New podcast!

Curling for Change podcast host Wil Robertson, top right, with guests Karen Trines (top left), Helen Radford (bottom left) and Greg Smith (bottom right) during the Curling with Pride episode. (Photo, Curling Canada/Curling for Change)

Curling for Change podcast brings topics of diversity, inclusion and grassroots success to the forefront

A new Curling Canada podcast brings authentic conversation and storytelling to the forefront and will provide blueprints for the curling community to grow the sport.

The Curling for Change podcast, hosted by Wil Robertson, brings together curlers, curling club leaders and industry experts for panel discussions. The eight-episode series touches on sexism, racism, homophobia and accessibility in the sport while creating paths forward for change through its first-person account storytelling.

The first podcast features 2022 Fran Todd All Heart Junior Curling Awards recipients, including Robertson himself, discussing their projects to create meaningful impact and change last season and why they were essential to their communities. 

A new episode of Curling for Change will drop every Wednesday and it is now available to download and subscribe on all podcasting platforms. The video version of the podcast is immediately available on Curling Canada + for free and then will be released to Curling Canada’s YouTube page the following week.

Host Robertson believes the conversations will open eyes to the necessary work curling facilities can put into action and create a more inclusive sport. The new podcast builds off his Fran Todd All Heart Award project last season when he started a program to host organized conversations about these issues at the Capital Winter Club in Fredericton. From that grew a desire to widen the scope and bring those conversations to a national audience.

“There are some issues we have to deal with in the curling community. Whether it’s predominant in the curling community or not, we’re trying to make our facilities more open spaces and trying to grow the game and with that becomes being more conscious of social issues and being better prepared to deal with them in the right way and that requires some tough and honest conversations,” Robertson said. “But also learning from people that we trust and hearing from people where we may not know a lot of their life story because frankly many of them have never been given the opportunity to tell it.”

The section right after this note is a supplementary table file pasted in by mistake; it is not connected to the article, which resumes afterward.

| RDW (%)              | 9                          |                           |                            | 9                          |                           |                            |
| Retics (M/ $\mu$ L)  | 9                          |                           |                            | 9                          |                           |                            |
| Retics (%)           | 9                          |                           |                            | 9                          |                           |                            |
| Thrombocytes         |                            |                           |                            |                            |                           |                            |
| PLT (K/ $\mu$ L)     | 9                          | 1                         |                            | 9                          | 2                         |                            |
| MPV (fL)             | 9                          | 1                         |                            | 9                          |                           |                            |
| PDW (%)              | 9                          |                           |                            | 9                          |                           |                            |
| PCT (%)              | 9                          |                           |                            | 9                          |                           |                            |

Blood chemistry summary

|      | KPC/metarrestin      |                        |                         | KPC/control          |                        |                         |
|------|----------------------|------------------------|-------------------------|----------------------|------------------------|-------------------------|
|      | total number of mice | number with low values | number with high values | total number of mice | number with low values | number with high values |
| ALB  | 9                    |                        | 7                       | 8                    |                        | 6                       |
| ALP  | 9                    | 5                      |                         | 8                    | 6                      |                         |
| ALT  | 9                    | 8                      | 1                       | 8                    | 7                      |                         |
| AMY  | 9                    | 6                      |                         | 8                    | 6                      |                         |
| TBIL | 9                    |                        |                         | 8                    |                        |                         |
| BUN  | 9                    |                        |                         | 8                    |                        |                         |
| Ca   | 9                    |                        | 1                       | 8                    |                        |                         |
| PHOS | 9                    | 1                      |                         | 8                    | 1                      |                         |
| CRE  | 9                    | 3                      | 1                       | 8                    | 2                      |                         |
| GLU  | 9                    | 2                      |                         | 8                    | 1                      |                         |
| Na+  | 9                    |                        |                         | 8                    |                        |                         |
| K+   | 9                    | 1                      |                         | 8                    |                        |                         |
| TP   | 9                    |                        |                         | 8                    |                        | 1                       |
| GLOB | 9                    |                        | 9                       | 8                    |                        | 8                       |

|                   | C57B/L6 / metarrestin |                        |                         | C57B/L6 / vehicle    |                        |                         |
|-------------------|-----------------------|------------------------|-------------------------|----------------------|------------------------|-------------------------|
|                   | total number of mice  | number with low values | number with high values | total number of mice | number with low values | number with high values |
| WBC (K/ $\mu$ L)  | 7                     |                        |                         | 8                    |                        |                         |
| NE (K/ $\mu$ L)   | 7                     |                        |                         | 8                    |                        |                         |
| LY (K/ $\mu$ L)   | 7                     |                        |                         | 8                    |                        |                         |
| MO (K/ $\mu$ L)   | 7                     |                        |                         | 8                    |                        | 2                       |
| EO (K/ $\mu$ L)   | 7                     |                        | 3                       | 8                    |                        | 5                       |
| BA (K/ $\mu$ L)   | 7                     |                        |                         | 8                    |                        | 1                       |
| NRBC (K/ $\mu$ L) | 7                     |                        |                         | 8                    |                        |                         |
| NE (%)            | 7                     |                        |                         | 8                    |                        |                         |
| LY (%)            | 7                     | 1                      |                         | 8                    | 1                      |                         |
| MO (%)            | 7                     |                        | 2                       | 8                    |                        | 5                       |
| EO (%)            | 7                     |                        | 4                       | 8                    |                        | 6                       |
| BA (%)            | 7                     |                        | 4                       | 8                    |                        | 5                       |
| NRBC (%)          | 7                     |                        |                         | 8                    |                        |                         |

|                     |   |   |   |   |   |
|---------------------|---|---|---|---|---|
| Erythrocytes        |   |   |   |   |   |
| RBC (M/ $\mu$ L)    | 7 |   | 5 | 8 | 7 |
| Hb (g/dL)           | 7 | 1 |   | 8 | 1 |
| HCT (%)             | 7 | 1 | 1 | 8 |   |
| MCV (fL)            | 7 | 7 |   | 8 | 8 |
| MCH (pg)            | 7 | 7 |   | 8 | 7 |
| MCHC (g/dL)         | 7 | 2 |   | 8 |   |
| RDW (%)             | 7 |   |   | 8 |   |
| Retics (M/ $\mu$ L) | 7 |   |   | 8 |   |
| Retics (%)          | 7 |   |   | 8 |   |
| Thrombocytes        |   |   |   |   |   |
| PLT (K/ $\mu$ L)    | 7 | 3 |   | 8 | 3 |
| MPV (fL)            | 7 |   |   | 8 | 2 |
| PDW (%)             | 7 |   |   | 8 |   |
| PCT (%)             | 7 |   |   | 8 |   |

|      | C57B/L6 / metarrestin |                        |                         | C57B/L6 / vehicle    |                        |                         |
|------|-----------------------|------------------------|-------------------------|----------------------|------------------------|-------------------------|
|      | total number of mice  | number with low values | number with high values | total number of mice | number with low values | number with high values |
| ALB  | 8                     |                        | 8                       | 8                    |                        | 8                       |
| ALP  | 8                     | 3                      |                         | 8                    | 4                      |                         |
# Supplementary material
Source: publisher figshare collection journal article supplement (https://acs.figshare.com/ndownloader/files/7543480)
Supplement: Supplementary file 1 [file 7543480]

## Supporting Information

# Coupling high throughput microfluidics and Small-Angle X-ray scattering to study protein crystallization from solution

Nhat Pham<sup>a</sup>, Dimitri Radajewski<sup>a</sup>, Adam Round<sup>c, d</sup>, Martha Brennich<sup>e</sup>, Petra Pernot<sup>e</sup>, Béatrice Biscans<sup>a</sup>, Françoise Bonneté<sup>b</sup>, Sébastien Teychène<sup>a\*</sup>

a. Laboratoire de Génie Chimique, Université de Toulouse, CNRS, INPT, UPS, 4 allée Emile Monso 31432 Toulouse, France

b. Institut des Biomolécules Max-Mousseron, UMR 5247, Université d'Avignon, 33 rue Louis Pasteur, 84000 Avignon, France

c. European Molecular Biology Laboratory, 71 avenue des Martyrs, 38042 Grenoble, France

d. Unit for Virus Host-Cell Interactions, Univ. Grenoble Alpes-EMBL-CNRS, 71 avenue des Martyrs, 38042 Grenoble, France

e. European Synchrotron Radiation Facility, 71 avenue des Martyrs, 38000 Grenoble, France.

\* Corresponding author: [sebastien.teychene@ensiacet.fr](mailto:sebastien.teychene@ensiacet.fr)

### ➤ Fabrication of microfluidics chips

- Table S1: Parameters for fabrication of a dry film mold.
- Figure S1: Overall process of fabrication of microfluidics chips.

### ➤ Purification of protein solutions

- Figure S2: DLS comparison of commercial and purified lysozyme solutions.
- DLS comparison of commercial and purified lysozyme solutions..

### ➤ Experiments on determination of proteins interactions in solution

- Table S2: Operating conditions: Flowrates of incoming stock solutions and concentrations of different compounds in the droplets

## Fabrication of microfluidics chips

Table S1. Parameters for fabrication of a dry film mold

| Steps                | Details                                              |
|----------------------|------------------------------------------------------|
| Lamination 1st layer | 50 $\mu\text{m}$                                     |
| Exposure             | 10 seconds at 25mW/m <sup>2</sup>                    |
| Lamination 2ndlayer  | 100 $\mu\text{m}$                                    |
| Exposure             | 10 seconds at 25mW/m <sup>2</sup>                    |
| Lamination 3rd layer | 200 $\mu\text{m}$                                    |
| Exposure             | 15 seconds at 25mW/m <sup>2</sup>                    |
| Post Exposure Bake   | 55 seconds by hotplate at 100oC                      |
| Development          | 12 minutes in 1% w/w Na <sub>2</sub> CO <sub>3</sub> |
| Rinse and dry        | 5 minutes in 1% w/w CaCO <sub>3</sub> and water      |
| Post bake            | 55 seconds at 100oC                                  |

Host Wil Robertston, top middle, with guests Kibo Mulima (top left), Johnson Tao (top right), Deb Martin (bottom left) and Jaxon Hiebert (bottom right) during the BIPOC Curlers Changing the Face of Curling episode. (Photo, Curling Canada/Curling for Change)

Robertson’s goal as host is to have no pre-determined outcomes or methods on the podcast. Instead, he will host a platform to allow Canada’s curling community to openly and honestly discuss how to make curling a more accessible sport and grow the game by being more conscious of the social issues at hand and how to manage them more honestly.

“To hear the stories of folks in the curling community who have faced sexism, who have faced racism, who have faced barriers to curling and to hear those who are working on bettering that and improving that in the curling community. Well, how have they done that and what do they think we need to do to really help?” said Robertson. “A lot of it is giving folks a platform to tell their story and I’m just the person there to poke and prod with the questions and guide that storytelling.”

The episodes will feature numerous guests, including Brier participant Greg Smith and Curling Canada’s Manager of Youth Curling and NextGen Helen Radford to discuss the 2SLGBTQ+ community in curling, Scotties Tournament of Hearts competitor Laurie St-Georges discussing issues of sexism and Canadian wheelchair curling athletes to discuss accessibility at the local and national levels of the sport.

The podcast’s guests go beyond those who play on the ice. Guests will include change-makers who are creating differences in our communities to grow the sport, including curlers to discuss BIPOC matters, and members of Robertson’s home club, the Capital Winter Club, to showcase its story of setting the world record for the longest curling game and raising over $100,000 to support local mental health initiatives for youth.

Curling for Change host Wil Robertson, top right, with guests Kaamraan Islam (top right), Sitaye Penney (bottom left) and Luke Robins (bottom right) during the Fran Todd All Heart Junior Curling Award episode. (Photo, Curling Canada/Curling for Change)

In addition to earning the Fran Todd All Heart Award, Robertson earned a For the Love of Curling Scholarship and represented New Brunswick at the 2019 Canadian Under-18 Curling Championships and 2021 World Junior Qualifying Event. Robertson now lives in Ottawa and is completing a Master’s degree in Political Management at Carleton University and also works in policy advocacy for basic income. The 22-year-old is also completing his practicum at StrategyCorp in Ottawa.

The Curling for Change podcast is the first of two podcast series to be released by Curling Canada. Curling club managers and executives won’t want to miss the Future of Curling Masterclasses podcast series, coming out later this summer. The podcast is translating Curling Canada’s Future of Curling symposium tour presentations into a podcast series for all curling facility leaders to benefit from. 

Both podcasts are supported by the World Curling Federation’s Development Assistance Program.

Curling Canada